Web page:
Alternatively you can buy a technology card. The more of these you collect he more end game points they’ll be worth, but they’re more important for making other aspects of the game easier. Variously they’ll give you discounts on catching robots, let you trade cubes for other types, give bonuses for landing on certain planets, or let you move robots further.
Depending on player number, the four robot stacks will contain either four or five robots: once two of these stacks are empty, the game is over – simply count up your points to see who won (with leftover energy cube acting as a tiebreaker).
The four sides
These are me, plus three fictitious players drawn from observing my friends and their respective quirks and play styles.
- The writer: This is a purely tactical problem solving game that works very much as a puzzle. You’re restricted to a maximum of five energy cubes in your player area, meaning you can’t just hoard what you need to catch any old robot (battery cubes are largely used to move, but are unlimited) – you need to get what you need, grab the card you want, then choose a new target. The trick is getting enough tech cards to streamline your plans – while leaving enough time to grab enough robots to win.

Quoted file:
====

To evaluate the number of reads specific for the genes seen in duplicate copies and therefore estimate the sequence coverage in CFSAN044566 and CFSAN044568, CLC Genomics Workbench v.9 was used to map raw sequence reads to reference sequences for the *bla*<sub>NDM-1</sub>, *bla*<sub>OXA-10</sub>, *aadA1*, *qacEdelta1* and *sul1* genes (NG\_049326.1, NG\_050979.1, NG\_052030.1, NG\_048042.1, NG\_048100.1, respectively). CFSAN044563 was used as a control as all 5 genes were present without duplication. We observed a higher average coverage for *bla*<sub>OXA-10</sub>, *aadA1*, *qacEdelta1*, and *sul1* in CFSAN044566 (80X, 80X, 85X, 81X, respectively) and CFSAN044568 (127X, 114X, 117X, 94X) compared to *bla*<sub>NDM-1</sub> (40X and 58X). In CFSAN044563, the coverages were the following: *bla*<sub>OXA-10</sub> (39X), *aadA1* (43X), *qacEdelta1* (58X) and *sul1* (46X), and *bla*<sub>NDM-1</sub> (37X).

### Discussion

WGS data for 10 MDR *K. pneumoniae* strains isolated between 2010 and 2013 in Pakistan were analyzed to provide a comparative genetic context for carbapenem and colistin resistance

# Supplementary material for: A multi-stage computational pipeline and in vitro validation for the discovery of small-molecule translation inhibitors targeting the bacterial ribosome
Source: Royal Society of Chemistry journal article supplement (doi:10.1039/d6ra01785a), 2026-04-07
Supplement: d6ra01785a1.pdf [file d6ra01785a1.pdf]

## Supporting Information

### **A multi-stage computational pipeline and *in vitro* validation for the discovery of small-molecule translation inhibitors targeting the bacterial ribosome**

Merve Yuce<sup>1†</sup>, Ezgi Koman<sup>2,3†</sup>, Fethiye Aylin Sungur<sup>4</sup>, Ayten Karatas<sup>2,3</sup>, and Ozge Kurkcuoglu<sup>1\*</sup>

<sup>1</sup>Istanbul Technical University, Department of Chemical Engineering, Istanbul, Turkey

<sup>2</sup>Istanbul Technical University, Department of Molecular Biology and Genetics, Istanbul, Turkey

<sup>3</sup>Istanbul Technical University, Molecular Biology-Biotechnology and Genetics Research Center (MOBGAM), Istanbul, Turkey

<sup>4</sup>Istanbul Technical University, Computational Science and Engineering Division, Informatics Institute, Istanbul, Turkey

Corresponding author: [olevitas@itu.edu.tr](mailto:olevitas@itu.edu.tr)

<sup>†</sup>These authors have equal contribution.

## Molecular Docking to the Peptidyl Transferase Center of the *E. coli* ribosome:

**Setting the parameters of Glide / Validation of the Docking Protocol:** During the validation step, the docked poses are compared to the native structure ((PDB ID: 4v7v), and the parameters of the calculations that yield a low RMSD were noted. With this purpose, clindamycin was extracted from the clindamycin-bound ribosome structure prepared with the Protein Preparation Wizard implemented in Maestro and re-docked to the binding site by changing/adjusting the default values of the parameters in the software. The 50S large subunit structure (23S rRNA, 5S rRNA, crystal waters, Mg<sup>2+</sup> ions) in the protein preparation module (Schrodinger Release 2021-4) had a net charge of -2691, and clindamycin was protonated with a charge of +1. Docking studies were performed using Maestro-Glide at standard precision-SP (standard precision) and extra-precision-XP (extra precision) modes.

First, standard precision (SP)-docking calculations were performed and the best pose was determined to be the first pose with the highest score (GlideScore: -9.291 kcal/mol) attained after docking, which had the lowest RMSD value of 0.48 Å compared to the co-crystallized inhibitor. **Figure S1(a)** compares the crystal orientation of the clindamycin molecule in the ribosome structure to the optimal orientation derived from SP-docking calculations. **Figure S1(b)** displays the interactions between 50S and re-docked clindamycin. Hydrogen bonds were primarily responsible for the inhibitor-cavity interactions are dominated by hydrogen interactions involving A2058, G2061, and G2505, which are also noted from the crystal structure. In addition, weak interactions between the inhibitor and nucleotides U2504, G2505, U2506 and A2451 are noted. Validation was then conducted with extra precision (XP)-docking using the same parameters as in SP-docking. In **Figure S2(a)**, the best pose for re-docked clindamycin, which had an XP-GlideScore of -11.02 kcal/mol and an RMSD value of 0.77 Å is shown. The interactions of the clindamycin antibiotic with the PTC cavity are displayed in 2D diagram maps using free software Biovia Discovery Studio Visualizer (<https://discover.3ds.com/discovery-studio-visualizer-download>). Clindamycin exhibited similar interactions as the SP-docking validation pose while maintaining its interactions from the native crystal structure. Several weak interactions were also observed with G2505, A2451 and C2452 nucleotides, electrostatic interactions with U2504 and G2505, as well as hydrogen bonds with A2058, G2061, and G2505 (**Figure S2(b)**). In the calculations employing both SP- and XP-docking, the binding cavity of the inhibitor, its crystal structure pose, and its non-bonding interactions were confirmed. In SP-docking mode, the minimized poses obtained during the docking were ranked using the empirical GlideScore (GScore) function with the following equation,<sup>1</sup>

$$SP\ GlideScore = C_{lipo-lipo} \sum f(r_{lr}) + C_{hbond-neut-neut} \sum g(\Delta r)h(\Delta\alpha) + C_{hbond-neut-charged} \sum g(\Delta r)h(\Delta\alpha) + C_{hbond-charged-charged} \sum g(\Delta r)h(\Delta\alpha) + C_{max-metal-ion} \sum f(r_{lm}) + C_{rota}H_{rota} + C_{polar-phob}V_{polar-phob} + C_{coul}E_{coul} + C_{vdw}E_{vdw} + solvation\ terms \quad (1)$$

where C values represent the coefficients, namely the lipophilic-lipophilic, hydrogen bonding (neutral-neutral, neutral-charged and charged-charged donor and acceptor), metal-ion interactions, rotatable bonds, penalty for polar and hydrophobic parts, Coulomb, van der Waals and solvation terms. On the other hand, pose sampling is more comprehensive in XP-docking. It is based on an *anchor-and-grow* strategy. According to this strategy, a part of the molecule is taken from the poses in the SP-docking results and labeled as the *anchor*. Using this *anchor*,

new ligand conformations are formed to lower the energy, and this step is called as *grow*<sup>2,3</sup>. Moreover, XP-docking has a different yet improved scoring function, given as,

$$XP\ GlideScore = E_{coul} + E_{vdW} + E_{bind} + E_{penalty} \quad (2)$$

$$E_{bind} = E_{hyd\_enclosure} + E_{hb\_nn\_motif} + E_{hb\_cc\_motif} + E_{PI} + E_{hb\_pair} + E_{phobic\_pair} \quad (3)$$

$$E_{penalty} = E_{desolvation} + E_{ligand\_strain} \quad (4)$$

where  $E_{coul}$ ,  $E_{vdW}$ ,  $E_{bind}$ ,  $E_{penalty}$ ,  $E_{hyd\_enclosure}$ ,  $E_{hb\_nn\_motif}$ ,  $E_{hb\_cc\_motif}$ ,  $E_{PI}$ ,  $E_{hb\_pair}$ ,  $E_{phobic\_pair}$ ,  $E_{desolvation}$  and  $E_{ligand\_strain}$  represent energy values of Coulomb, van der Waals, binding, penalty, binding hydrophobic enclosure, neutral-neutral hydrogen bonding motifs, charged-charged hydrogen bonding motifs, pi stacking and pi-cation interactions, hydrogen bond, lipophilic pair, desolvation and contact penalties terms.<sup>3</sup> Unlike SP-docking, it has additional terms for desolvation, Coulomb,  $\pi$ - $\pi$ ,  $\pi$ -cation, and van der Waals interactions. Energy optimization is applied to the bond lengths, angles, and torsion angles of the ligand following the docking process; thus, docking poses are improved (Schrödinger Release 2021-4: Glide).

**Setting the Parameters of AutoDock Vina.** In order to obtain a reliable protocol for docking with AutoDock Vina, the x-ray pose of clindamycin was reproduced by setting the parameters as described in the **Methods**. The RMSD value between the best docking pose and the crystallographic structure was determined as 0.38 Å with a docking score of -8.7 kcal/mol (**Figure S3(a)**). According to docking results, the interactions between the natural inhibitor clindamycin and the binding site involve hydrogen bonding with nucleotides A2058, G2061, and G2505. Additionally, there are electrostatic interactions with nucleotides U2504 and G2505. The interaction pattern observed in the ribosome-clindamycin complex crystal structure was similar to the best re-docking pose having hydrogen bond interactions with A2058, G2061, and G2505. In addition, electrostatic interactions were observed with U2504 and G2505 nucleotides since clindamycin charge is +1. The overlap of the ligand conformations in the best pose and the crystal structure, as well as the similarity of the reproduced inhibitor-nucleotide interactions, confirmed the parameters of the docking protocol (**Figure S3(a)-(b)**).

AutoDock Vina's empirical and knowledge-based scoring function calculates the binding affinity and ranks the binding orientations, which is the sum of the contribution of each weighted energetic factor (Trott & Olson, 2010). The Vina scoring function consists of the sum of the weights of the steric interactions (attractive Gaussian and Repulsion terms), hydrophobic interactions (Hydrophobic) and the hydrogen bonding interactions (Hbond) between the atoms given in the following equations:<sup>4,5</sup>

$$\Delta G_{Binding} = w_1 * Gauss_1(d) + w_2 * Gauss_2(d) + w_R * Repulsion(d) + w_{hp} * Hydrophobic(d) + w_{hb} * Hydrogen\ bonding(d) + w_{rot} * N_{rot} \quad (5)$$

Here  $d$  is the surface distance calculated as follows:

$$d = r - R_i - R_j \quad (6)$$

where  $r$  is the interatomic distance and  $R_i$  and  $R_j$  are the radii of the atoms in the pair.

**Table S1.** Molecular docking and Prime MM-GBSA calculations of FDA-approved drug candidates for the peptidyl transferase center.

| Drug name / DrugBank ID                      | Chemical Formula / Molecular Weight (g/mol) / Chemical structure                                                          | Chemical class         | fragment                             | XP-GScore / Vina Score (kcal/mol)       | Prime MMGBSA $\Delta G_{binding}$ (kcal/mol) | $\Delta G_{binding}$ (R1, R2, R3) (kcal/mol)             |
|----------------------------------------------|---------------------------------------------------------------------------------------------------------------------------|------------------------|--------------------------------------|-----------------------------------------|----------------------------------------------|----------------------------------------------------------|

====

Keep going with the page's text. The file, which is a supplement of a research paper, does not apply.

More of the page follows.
- The thinker: This is an enjoyable (if slightly forgettable) puzzle game. There is a variant included that allows you an ‘extra’ extra action each turn, while allowing you to mix your moves and actions at will. While adding more possibilities to make the perfect turn, what it really does is pile on the opportunities for analysis paralysis. Unless you all want the game to last a lot longer (something I don’t think the depth deserves), I’d stick to the simpler version – and it’s not often you’ll hear me say that.
- The trasher: With more than two players, Planet Defenders is an exercise in tedium – you’ll spend most of each game waiting for your turn, knowing you can’t plan until it gets to your go. However, on your turn you have some interesting choices to make including ways you can restrict the next player; hence why it’s much better with just two players. Two defenders can’t occupy a single space, so if you know your opponent wants to go to a particular space you can usually leave a robot on it – and then not allow it to be moved next go. Very satisfying when you can pull it off!